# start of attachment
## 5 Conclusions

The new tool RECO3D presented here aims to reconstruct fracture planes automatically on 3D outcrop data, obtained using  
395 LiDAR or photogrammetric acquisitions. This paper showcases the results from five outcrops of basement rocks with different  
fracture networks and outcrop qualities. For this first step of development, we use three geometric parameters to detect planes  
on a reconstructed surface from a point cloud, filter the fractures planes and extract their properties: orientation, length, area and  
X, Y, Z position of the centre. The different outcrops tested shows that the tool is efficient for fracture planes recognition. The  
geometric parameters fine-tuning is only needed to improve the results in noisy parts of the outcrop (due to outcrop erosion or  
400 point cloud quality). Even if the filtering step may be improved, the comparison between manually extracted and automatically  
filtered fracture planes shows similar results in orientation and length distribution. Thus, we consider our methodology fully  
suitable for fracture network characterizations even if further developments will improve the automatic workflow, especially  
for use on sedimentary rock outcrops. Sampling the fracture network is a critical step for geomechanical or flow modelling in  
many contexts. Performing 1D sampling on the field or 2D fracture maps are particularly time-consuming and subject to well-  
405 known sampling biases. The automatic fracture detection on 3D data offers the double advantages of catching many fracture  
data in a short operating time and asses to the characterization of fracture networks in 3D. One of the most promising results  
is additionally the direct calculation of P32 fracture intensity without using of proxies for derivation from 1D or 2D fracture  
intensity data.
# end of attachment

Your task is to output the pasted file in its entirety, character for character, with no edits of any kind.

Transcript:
## 5 Conclusions

The new tool RECO3D presented here aims to reconstruct fracture planes automatically on 3D outcrop data, obtained using  
395 LiDAR or photogrammetric acquisitions. This paper showcases the results from five outcrops of basement rocks with different  
fracture networks and outcrop qualities. For this first step of development, we use three geometric parameters to detect planes  
on a reconstructed surface from a point cloud, filter the fractures planes and extract their properties: orientation, length, area and  
X, Y, Z position of the centre. The different outcrops tested shows that the tool is efficient for fracture planes recognition. The  
geometric parameters fine-tuning is only needed to improve the results in noisy parts of the outcrop (due to outcrop erosion or  
400 point cloud quality). Even if the filtering step may be improved, the comparison between manually extracted and automatically  
filtered fracture planes shows similar results in orientation and length distribution. Thus, we consider our methodology fully  
suitable for fracture network characterizations even if further developments will improve the automatic workflow, especially  
for use on sedimentary rock outcrops. Sampling the fracture network is a critical step for geomechanical or flow modelling in  
many contexts. Performing 1D sampling on the field or 2D fracture maps are particularly time-consuming and subject to well-  
405 known sampling biases. The automatic fracture detection on 3D data offers the double advantages of catching many fracture  
data in a short operating time and asses to the characterization of fracture networks in 3D. One of the most promising results  
is additionally the direct calculation of P32 fracture intensity without using of proxies for derivation from 1D or 2D fracture  
intensity data.